Harper's Magazine just posted one of the most fascinating stories on the Mark Foley scandal to date (via Romenesko). In short, Ken Silverstein puts the lie to the Republican B.S. line that this was orchestrated by the Democratic Party. The source of the information, he writes, was a Democrat, but he wasn't acting in concert with the party, was genuinely disturbed by Foley's conduct, and the e-mails were originally leaked by a Republican.
How does Silverstein know all this? Because Harper's, like the Miami Herald and St. Petersburg Times, had the story. He wrote it up but the story was killed. Seriously, you have to read this piece. It's so full of good information I want to just reprint it right here in its entirety. When he talked to Foley about the e-mails months ago, the congressman told him there was "nothing
suggestive or inappropriate" about his emails to the page and that if the page "was intimidated, that's regrettable."
The writer didn't buy it. Here's his interpretation of the e-mails and Foley's office's attempt to keep him from writing about it:
My theory about the emails was that Foley was throwing out bait to see if the teen would bite. I spoke to a Foley staffer who violently rejected that interpretation of the emails and who blamed the whole problem on the page, saying it was all a misunderstanding due to the young boy's overactive imagination. The staffer also said that Foley's motive in asking the page for a picture was entirely innocent: he merely wanted an image of the boy so he could remember him more clearly in the event that he wanted a job recommendation down the road. Needless to say, none of this sounded even remotely convincing.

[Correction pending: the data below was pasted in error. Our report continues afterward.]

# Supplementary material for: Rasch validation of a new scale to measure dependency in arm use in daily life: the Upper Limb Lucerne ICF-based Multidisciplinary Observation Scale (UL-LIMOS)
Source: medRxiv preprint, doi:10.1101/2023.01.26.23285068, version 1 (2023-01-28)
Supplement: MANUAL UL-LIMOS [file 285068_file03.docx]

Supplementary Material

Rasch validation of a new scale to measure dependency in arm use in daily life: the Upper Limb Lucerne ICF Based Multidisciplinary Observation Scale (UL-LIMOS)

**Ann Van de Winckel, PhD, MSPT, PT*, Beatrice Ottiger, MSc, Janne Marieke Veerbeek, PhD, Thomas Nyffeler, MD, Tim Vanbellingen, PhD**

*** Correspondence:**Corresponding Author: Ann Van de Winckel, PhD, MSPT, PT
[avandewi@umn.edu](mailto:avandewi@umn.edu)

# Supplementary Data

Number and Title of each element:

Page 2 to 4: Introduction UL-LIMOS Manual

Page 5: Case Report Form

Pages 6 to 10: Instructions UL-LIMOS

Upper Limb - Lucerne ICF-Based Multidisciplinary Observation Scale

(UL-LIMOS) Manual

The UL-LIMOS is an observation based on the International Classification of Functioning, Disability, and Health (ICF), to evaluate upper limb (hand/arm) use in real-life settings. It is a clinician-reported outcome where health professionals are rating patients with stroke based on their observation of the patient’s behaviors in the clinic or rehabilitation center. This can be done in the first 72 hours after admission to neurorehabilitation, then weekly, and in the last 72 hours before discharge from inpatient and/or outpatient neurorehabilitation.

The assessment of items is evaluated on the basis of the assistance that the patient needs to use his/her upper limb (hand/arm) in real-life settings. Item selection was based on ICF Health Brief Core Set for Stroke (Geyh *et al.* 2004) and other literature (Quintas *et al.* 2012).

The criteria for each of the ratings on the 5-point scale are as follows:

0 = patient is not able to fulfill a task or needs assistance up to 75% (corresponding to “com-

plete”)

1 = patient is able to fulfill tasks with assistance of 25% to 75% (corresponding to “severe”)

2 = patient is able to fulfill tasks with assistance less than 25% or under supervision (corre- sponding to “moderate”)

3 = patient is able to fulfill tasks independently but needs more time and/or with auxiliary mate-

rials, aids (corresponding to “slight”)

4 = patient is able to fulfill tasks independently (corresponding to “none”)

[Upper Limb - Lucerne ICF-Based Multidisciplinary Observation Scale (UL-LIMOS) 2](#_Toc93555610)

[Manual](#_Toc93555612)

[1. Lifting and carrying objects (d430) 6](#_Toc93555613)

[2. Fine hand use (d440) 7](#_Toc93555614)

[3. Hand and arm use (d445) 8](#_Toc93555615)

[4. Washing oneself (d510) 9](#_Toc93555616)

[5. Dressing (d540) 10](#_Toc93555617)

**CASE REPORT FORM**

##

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Agreed. Here's Silverstein on his own story and it's killing by editors.
The final draft of my story—which did not name the ex-page who received Foley's emails—was set to run on June 2. "Foley's private life should, under most circumstances, be his own business, but in this case there is a clear question about his behavior with a minor and a congressional employee," went the story's conclusion. "The possibility that he might have used his personal power or political position in inappropriate ways, as the emails suggest, should be brought to public attention."
We decided against publishing the story because we didn't have absolute proof that Foley was, as one editor put it, "anything but creepy." At the time I was disappointed that the story was killed—but I must confess that I was also a bit relieved because there had been the possibility, however unlikely, that I would wrongly accuse Foley of improper conduct.
While Harper's decided not to publish the story, we weren't entirely comfortable with the decision. A few weeks later I passed along the emails and related materials to several people who were in a position to share them with other media outlets. I subsequently learned that other people had the same information and were also contacting reporters. (By this point, my original source apparently had given up on getting the media to cover the story.)
Among those who received information about the story but declined to pursue it were liberal outlets such as Talkingpointsmemo.com, Americablog.com, and The New Republic (The Hill, Roll Call, and Time magazine also had the Foley story, though I'm not certain when it came to their attention.)
God -- why didn't this source get ahold of New Times? Are we and the Palm Beach Post and Sun-Sentinel the only news outlets that didn't get these things? Did the source have a problem with notifying any reporter who actually worked in Foley's district? Ugggh.
Great piece though.